The Lost Weekend (1945)--2/5

“The Lost Weekend” has one of the least-convincing of all film endings. Upon drinking himself silly for an entire weekend—this after a ten-day stretch of sobriety—Don Birnam (Ray Milland) is convinced that he is finally in control of his drinking problem. The movie he’s in believes this too; the music crescendos happily to signal the end credits.

If only the movie had maintained its earlier vein of cynicism. Up to the conclusion, “The Lost Weekend,” through Birnam, defines alcoholics as incurable and clingers to false hope. The sudden reversal of this idea smacks of Hollywood tinkering.

P.S. “The Lost Weekend” is the genesis of the scene—featured on “The Simpsons” and “Futurama”—of a character walking in the dark past germane neon signs.

Monday, October 6, 2008

Leatherheads (2008)--2/5

Towards the end of “Leatherheads,” Jimmy (George Clooney) has a plan to get Carter (John Krasinski) to admit the truth of his wartime deeds. Carter has ridden a wave of war hero and football star popularity to the pros, where he has invigorated the startup league.

Jimmy borrows a military truck and some uniforms, dresses up his teammates, and parks the truck outside the football commissioner’s office. Upon looking out the window, Carter has a pang of conscience and recants his story. On the way out, he sees who is actually in uniform. They share a meaningful glance.

This is a pretty obvious set of circumstances for a screwball movie. The audience should know some kind of setup is in the works from Jimmy. We may even guess that the truck has football players instead of soldiers. But “Leatherheads” seems to go out of its way to not explain what’s going on. The players have been so poorly sketched out during the rest of the movie that simply seeing them in a group is not enough. In an earlier scene, Jimmy runs into an old war buddy and asks if he can borrow something. Is it just the truck? The whole platoon? Just their uniforms? Only in the next scene is it explained what actually happened.

In other words, a not particularly funny, clever, or interesting gag is stretched over three distinct scenes. The climactic football game ends with the same kind of poorly-explained trick.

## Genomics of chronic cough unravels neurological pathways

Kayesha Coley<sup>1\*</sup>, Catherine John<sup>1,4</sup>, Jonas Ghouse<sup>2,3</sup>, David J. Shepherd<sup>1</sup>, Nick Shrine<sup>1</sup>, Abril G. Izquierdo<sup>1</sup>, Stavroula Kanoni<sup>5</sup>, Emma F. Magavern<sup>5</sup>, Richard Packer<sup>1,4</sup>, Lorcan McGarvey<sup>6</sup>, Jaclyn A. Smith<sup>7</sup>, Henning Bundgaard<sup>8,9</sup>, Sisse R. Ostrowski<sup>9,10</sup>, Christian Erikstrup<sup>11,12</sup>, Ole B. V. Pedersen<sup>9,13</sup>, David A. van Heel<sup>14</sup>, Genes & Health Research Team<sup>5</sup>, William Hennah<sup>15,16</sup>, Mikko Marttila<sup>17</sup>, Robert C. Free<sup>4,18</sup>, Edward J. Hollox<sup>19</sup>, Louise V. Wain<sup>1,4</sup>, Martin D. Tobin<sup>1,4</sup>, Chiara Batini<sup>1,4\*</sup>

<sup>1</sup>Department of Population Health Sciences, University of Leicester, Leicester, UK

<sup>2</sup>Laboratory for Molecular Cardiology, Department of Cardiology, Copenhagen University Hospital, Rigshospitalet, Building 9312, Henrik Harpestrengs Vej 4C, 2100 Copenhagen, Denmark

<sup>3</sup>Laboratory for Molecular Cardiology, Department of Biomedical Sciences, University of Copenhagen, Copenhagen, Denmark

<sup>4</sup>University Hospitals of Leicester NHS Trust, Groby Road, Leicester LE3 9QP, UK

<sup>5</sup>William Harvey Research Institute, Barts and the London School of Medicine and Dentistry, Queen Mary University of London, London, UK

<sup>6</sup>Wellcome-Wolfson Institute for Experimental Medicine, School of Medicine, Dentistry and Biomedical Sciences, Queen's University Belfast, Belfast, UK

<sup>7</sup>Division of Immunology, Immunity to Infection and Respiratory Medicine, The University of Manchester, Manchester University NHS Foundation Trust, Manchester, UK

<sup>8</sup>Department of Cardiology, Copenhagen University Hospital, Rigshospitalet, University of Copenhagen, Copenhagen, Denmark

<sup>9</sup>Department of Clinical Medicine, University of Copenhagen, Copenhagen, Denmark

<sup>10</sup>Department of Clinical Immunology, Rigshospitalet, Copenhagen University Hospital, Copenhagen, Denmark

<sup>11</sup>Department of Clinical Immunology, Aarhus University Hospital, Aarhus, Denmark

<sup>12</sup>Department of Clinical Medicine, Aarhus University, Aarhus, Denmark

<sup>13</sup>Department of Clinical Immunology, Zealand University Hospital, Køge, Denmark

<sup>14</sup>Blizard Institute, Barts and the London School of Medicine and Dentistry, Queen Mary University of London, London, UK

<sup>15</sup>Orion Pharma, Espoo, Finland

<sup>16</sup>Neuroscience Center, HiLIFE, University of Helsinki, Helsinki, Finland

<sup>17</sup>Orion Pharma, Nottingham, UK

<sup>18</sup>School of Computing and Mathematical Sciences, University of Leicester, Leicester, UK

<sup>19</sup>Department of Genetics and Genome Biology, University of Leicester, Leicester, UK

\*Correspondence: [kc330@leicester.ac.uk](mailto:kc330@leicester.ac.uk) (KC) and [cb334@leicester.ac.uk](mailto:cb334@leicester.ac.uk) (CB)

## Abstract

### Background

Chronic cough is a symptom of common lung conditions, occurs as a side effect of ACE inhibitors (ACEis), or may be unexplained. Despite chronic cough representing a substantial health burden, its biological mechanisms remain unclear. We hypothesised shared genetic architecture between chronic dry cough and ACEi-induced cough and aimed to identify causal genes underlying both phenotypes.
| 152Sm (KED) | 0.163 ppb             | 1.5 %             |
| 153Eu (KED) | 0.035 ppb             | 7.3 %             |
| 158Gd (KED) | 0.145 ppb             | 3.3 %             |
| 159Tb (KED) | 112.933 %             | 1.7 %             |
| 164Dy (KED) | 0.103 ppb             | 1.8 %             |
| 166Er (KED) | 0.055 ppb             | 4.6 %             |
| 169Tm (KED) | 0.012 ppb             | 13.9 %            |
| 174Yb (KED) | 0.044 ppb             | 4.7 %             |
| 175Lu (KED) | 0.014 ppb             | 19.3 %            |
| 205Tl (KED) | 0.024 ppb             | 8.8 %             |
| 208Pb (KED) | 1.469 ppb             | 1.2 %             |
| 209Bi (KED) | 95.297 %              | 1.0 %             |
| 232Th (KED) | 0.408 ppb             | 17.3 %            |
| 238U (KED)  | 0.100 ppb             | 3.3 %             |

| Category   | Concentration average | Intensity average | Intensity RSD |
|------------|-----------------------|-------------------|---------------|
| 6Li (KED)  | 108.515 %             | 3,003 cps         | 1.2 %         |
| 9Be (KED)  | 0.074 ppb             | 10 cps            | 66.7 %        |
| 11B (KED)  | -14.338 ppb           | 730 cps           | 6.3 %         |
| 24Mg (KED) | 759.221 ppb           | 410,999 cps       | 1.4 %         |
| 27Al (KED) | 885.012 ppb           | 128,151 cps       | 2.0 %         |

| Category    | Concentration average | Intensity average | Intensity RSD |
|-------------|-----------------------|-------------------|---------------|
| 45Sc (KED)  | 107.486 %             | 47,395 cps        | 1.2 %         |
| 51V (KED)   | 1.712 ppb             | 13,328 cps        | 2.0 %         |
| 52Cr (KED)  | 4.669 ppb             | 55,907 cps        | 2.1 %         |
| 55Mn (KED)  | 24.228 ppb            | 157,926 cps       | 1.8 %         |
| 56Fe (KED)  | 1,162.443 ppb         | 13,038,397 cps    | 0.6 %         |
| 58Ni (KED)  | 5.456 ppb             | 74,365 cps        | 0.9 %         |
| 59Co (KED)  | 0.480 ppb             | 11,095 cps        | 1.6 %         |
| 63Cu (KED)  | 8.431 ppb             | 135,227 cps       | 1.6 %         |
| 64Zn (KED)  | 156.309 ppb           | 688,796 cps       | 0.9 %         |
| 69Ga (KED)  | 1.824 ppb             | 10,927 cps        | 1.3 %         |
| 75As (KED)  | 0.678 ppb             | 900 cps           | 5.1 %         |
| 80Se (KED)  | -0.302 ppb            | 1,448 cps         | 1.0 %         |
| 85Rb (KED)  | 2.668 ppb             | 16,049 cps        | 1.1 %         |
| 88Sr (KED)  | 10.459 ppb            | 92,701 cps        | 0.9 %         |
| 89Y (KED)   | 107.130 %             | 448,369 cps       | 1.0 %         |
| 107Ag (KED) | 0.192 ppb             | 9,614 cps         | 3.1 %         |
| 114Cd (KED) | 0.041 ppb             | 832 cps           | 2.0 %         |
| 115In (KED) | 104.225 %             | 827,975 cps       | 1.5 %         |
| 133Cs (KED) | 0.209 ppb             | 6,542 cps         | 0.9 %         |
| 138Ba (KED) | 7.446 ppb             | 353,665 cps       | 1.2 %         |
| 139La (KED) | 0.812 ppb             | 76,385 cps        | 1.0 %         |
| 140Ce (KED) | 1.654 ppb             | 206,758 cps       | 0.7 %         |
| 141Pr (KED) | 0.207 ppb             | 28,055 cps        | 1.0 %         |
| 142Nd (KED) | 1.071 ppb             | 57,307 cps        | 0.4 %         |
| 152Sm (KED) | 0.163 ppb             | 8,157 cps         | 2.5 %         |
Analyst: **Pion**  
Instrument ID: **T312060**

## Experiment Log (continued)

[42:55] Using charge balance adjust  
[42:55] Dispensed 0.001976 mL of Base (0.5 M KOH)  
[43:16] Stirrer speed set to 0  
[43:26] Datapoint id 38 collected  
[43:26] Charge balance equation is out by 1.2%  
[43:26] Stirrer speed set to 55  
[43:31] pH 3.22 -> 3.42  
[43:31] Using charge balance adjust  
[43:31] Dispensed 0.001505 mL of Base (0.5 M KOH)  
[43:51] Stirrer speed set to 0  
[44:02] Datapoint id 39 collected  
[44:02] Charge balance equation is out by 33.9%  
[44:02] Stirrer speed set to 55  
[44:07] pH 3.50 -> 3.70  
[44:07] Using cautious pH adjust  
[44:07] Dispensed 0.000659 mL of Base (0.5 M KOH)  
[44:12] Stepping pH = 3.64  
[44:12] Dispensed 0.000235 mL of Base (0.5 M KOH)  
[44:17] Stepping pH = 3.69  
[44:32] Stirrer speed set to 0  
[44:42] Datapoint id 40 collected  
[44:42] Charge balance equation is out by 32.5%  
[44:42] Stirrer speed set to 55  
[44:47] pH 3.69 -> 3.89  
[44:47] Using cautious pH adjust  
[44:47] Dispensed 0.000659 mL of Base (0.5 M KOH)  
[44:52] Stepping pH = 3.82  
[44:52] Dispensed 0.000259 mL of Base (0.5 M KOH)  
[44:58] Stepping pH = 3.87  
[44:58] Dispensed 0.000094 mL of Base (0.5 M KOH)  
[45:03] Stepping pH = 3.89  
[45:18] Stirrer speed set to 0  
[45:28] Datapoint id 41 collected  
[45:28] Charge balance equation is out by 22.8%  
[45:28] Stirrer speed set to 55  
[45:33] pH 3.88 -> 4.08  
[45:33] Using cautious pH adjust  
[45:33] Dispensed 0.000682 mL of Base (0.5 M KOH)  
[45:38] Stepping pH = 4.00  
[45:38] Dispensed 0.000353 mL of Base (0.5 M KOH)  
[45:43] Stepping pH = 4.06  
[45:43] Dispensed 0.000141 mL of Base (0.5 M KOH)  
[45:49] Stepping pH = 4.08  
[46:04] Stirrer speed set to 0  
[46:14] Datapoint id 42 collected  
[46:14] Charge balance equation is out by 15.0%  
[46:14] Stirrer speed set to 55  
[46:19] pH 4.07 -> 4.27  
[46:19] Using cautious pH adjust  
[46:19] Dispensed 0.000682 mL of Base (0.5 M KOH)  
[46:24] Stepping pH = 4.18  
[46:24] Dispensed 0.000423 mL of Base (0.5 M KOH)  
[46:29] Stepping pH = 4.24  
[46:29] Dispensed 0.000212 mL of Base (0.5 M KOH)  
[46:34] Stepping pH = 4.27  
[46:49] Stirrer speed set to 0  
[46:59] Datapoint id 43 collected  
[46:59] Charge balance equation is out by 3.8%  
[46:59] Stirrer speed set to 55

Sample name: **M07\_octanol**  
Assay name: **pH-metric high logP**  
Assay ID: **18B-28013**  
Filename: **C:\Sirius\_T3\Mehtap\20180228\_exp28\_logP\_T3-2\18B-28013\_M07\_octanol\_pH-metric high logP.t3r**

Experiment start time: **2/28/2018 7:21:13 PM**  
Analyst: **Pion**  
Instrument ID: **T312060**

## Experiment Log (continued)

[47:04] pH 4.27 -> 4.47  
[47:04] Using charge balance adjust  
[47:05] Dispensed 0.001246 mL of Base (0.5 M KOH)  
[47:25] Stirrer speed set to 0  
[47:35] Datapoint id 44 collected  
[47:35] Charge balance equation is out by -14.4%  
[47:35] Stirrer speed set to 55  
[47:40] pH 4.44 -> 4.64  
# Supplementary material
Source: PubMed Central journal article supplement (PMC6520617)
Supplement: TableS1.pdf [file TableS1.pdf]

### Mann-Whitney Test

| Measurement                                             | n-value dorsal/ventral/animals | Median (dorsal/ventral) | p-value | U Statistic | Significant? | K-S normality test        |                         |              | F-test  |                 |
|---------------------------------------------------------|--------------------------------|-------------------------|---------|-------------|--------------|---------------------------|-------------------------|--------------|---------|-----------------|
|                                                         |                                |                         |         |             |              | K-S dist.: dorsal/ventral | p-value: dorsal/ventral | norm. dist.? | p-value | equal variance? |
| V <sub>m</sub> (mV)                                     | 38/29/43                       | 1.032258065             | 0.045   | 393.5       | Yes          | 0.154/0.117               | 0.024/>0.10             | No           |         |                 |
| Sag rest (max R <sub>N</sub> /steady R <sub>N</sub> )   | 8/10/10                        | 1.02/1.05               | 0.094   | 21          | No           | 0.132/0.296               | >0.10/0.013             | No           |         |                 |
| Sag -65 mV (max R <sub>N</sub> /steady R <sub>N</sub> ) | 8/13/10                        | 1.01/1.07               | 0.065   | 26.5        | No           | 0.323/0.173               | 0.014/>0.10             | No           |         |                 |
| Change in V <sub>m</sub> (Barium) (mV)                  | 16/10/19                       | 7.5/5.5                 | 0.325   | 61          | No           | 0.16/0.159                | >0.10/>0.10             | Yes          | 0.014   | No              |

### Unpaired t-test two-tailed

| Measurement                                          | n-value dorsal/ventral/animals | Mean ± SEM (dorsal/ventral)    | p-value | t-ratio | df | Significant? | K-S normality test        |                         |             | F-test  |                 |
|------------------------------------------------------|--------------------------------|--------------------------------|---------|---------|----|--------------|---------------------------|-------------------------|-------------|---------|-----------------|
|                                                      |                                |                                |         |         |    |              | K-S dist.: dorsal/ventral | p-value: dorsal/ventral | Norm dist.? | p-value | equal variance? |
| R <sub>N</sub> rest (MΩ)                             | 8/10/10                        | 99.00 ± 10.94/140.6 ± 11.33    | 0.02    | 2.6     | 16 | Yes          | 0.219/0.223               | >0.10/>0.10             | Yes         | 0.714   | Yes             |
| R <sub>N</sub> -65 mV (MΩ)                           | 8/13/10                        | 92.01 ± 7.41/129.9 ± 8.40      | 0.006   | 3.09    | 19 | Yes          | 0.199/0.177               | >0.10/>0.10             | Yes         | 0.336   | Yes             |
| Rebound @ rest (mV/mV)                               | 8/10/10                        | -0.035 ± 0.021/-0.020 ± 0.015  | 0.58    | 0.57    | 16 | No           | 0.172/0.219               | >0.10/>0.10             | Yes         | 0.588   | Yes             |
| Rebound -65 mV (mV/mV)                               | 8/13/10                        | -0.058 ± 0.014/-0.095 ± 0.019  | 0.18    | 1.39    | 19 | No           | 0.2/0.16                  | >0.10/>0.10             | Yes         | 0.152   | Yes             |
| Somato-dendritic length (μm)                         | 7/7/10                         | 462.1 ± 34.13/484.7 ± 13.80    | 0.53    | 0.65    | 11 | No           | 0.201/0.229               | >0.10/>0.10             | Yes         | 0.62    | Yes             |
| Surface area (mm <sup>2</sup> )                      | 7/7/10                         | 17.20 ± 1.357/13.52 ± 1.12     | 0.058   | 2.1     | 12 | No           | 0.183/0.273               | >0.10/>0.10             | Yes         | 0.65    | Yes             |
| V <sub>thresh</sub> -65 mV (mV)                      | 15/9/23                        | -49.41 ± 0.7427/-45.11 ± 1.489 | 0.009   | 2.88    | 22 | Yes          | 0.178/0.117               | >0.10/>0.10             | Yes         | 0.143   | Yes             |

Like another recent George Clooney vehicle, Steven Soderbergh’s “The Good German,” “Leatherheads” focuses on the background, to the detriment of the rest of the movie. The 1920’s style is lush and inventive—the oversize billboards and painted murals throughout come to mind. Clooney, Zellweger, and Krasinski all comport themselves well enough, but they are ciphers against this onslaught.

Wednesday, October 1, 2008

"The Office: Season 4" (2007-2008)--5/5

Late in the episode “Dunder Mifflin Infinity” from “The Office’s” fourth season, Michael Scott, following directions from a GPS, drives a rental car into a lake. Since “The Office” is shot as a documentary, this scene is one unbroken shot. The actors and cameraman actually ride a car into a lake. While it fills with green water, all three have to scramble out and onto shore. “The Office” has been reinventing the concept of a sitcom for a while, but this stunning scene is far beyond other current primetime shows.

In the world of “The Office,” is the Dunder Mifflin documentary ever shown on TV? Characters never reference big things that would be revealed by its airing. (Correct me if I’m wrong.)* Just to name two: Pam doesn’t know that Jim bought a ring a month after they started dating. Andy still doesn’t know that Angela is cheating on him.

Since their work has nothing to show for it, the premise of a film crew at the office gets stretched each season that “The Office” is renewed.

The best thing about the documentary crew as a character is that the focus of the show is limited to work-related events. Stories from the outside are conveyed through clever use of the show’s format. The revelation of Jim and Pam’s relationship is seen when the camera crew follows him from work at a distance. What the audience gets of Dwight and Angela’s undercover romance is subtle glances, hushed conversations, and a happened-upon office party tryst.

The private moments that are seen are thrilling because of their rarity. Even better are the times when characters who know they’re being filmed don’t care what the camera sees. Andy’s serenade to Angela and Jim’s big smooch with Pam come to mind.

Maybe the last episode of “The Office” will have the premiere of “The Office” for the Dunder Mifflin employees. The show wouldn’t be able to continue after that.

*“Sex and the City” has the same problem. Carrie’s friends and dates don’t mention the mean things she writes (famously, for a major newspaper and book publisher) nearly as often as they should.